Now our migration programme, including the humanitarian stream, brings people from every corner of the world and in the midst of this extraordinary diversity we have maintained our Australian values of freedom, democracy and the rule of law and a unique sense of fairness alongside a spirit of enterprise.
We believe in a fair go and opportunity, that people should help themselves but be able to count on a hand up when they fall behind.
Now, these distinctive national characteristics have helped us to achieve what others can only dream of.
Economically we stand tall, with over 26 years of unbroken economic growth.
And in a world of conflict, we are a harmonious mixture of races, cultures and faiths, where mutual respect has made our differences a strength, not a weakness.
Our Australian values have united us.
That is a remarkable achievement in a world which seems, despite all of its technological advances, so much less tolerant in many parts of the world than it was a generation or even a century ago.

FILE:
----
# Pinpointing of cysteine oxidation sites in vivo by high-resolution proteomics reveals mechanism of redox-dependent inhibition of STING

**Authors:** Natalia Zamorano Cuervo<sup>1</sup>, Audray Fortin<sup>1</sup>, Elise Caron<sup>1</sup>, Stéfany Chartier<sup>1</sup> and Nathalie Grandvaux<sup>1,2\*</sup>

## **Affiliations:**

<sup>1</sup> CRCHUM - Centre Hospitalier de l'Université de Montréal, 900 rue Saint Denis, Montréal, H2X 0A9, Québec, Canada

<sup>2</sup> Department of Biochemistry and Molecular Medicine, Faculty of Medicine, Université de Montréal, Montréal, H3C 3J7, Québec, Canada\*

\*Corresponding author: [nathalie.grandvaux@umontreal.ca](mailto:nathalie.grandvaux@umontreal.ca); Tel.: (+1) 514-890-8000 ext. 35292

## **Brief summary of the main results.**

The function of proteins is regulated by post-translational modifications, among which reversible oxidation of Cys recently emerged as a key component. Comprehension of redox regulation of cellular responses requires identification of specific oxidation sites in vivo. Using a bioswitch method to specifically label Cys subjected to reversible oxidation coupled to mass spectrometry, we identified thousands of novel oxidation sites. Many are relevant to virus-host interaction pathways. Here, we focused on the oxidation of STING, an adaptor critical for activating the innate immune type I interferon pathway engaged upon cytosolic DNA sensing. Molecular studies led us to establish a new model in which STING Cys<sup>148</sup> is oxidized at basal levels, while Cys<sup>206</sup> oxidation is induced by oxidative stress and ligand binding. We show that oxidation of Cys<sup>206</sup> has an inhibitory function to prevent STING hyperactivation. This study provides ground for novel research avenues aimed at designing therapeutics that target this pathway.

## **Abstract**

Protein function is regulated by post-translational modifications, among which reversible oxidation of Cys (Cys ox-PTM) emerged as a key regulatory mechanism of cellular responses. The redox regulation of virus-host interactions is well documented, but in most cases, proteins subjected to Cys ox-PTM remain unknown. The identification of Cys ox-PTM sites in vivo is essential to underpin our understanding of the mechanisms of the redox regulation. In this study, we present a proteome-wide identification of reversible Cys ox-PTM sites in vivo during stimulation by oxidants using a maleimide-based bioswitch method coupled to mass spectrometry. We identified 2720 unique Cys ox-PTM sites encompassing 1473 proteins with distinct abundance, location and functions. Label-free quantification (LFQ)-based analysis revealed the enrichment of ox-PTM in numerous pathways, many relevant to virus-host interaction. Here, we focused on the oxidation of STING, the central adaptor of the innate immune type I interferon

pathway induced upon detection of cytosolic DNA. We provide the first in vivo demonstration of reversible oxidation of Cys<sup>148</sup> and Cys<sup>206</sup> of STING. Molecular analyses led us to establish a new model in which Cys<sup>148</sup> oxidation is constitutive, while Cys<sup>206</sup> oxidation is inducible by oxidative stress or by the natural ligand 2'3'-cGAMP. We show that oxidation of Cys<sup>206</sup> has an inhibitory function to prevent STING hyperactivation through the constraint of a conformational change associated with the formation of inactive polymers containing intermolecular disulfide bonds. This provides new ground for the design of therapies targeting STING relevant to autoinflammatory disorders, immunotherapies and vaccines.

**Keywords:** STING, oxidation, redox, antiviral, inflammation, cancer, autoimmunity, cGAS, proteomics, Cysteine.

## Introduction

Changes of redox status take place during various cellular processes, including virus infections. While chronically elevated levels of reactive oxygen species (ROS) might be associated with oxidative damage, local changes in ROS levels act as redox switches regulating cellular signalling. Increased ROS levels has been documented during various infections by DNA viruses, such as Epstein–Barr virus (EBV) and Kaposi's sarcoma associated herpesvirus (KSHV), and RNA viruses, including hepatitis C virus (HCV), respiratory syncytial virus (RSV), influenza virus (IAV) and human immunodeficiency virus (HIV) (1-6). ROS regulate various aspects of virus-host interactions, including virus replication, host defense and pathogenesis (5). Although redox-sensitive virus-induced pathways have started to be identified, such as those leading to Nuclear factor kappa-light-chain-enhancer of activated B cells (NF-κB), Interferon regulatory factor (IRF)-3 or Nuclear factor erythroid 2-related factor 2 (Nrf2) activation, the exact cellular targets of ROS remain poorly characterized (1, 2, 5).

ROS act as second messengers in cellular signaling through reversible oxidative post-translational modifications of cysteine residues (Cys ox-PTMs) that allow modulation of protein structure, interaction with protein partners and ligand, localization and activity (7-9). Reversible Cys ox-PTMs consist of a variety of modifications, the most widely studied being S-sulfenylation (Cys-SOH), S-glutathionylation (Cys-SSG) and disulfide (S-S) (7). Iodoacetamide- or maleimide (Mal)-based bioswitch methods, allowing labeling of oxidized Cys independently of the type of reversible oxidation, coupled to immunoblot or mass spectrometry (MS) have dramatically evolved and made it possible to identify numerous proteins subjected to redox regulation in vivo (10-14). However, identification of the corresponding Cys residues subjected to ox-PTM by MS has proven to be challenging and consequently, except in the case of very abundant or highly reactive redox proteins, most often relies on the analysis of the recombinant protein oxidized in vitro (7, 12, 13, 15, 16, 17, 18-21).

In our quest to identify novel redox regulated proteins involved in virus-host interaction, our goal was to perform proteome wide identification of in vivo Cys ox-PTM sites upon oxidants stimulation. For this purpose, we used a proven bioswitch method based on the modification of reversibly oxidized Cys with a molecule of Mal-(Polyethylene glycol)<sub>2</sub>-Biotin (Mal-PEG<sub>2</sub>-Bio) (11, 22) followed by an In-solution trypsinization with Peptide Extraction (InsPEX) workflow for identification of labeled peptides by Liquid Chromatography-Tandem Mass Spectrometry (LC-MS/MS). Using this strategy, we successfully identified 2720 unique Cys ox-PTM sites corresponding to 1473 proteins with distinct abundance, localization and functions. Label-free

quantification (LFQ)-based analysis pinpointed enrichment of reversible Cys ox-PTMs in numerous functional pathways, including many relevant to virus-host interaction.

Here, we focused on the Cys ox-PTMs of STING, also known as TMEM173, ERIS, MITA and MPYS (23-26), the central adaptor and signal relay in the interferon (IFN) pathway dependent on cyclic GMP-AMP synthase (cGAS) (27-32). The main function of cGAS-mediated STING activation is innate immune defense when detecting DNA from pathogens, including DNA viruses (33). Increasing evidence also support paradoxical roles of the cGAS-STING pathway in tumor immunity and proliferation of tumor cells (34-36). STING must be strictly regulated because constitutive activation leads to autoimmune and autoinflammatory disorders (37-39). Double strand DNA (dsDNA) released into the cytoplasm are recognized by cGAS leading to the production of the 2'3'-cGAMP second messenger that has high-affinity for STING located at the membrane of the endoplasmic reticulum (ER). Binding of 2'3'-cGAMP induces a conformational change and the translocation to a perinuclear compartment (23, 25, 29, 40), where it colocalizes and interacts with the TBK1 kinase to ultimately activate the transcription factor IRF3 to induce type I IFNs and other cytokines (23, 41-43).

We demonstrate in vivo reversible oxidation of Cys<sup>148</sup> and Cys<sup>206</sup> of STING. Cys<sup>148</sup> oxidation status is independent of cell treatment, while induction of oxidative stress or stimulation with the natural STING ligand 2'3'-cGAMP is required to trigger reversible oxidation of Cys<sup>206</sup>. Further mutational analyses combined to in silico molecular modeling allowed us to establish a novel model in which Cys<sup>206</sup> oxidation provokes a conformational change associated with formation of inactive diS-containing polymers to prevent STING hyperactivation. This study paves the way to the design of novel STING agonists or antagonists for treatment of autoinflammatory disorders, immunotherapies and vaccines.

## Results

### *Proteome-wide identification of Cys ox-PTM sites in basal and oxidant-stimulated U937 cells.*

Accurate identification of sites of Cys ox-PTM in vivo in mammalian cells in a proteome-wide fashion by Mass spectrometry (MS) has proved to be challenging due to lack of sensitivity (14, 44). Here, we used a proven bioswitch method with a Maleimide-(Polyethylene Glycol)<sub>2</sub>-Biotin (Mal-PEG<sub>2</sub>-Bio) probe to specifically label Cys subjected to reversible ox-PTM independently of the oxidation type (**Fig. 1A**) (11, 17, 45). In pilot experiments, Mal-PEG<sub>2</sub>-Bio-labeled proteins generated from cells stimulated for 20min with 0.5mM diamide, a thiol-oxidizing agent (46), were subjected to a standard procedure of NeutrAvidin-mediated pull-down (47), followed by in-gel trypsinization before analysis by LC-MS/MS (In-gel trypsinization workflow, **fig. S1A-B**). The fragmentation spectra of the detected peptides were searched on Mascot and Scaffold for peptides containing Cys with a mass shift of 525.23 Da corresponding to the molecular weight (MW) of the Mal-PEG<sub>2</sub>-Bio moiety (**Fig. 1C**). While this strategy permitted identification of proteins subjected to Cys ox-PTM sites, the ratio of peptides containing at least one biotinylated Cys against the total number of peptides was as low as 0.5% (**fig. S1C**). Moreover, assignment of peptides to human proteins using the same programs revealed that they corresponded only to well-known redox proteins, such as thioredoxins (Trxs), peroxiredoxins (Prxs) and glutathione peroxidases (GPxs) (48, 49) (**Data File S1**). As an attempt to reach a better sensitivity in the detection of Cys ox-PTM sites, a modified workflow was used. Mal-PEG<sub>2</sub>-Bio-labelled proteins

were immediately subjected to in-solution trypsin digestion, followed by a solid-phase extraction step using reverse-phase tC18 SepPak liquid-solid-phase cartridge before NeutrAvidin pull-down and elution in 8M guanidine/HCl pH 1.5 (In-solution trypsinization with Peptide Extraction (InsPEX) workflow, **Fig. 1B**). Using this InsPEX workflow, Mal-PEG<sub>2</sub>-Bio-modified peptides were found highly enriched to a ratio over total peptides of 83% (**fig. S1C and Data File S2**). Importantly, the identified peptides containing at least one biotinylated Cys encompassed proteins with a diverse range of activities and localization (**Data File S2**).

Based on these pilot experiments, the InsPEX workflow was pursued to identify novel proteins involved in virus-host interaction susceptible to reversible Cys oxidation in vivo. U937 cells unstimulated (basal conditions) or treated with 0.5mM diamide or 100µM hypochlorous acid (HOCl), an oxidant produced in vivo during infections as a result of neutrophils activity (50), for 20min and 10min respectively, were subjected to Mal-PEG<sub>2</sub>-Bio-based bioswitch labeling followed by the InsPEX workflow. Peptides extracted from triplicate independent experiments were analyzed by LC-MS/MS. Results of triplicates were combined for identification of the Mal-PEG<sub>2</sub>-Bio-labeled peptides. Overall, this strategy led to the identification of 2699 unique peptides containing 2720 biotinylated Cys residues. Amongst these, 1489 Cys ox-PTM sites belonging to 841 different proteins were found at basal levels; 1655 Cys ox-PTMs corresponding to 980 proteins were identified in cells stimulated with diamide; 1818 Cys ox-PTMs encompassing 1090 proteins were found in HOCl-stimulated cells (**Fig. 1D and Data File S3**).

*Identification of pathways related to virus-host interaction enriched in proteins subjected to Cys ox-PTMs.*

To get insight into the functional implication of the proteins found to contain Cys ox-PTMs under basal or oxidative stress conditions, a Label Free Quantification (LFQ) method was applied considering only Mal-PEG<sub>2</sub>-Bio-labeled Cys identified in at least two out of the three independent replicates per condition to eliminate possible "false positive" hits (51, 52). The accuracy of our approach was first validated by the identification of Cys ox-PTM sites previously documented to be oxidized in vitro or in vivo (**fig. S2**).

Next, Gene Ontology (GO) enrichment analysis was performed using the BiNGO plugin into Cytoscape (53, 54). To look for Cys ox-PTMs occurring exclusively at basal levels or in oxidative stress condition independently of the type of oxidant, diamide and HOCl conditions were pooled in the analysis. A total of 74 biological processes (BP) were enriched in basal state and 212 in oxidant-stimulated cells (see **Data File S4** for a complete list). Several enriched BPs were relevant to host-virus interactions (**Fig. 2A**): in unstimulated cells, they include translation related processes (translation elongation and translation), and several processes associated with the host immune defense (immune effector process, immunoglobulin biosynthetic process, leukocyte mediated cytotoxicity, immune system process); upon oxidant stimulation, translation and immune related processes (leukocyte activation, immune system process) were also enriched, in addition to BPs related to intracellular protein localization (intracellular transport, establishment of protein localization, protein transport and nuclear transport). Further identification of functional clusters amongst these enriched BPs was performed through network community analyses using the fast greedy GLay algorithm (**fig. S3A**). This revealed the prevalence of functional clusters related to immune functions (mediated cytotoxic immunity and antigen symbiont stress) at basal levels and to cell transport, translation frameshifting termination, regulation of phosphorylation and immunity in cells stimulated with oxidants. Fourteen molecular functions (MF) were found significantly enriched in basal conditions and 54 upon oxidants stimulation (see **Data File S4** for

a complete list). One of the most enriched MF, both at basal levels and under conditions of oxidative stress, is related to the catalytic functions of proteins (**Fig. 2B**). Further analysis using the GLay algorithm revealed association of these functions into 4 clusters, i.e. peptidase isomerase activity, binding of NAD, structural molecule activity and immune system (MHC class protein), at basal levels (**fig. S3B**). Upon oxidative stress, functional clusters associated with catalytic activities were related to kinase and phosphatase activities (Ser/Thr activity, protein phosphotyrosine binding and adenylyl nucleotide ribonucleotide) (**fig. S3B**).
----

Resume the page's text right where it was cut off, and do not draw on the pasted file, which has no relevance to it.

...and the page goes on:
These achievements have not happened by accident. We have succeeded because we understand that one can and must complement the other - by adjusting the policy settings we are ensuring that they continue to do so.
Now more than ever, we must harness our migration program and fully utilise its potential to guarantee our future prosperity.
These are the most extraordinary times in human history, with economic change unprecedented in its scale and pace. Technology has transformed our lives in ways we could not have imagined a decade ago. And our greatest imaginings today can only hint at what technology will do for us in the coming decades.
In these times of challenge and change, my Government is focused on providing opportunity and security, opportunity and security for all Australians. We are bringing a more competitive edge to our tax system, as Terry observed, our energy markets, our economy.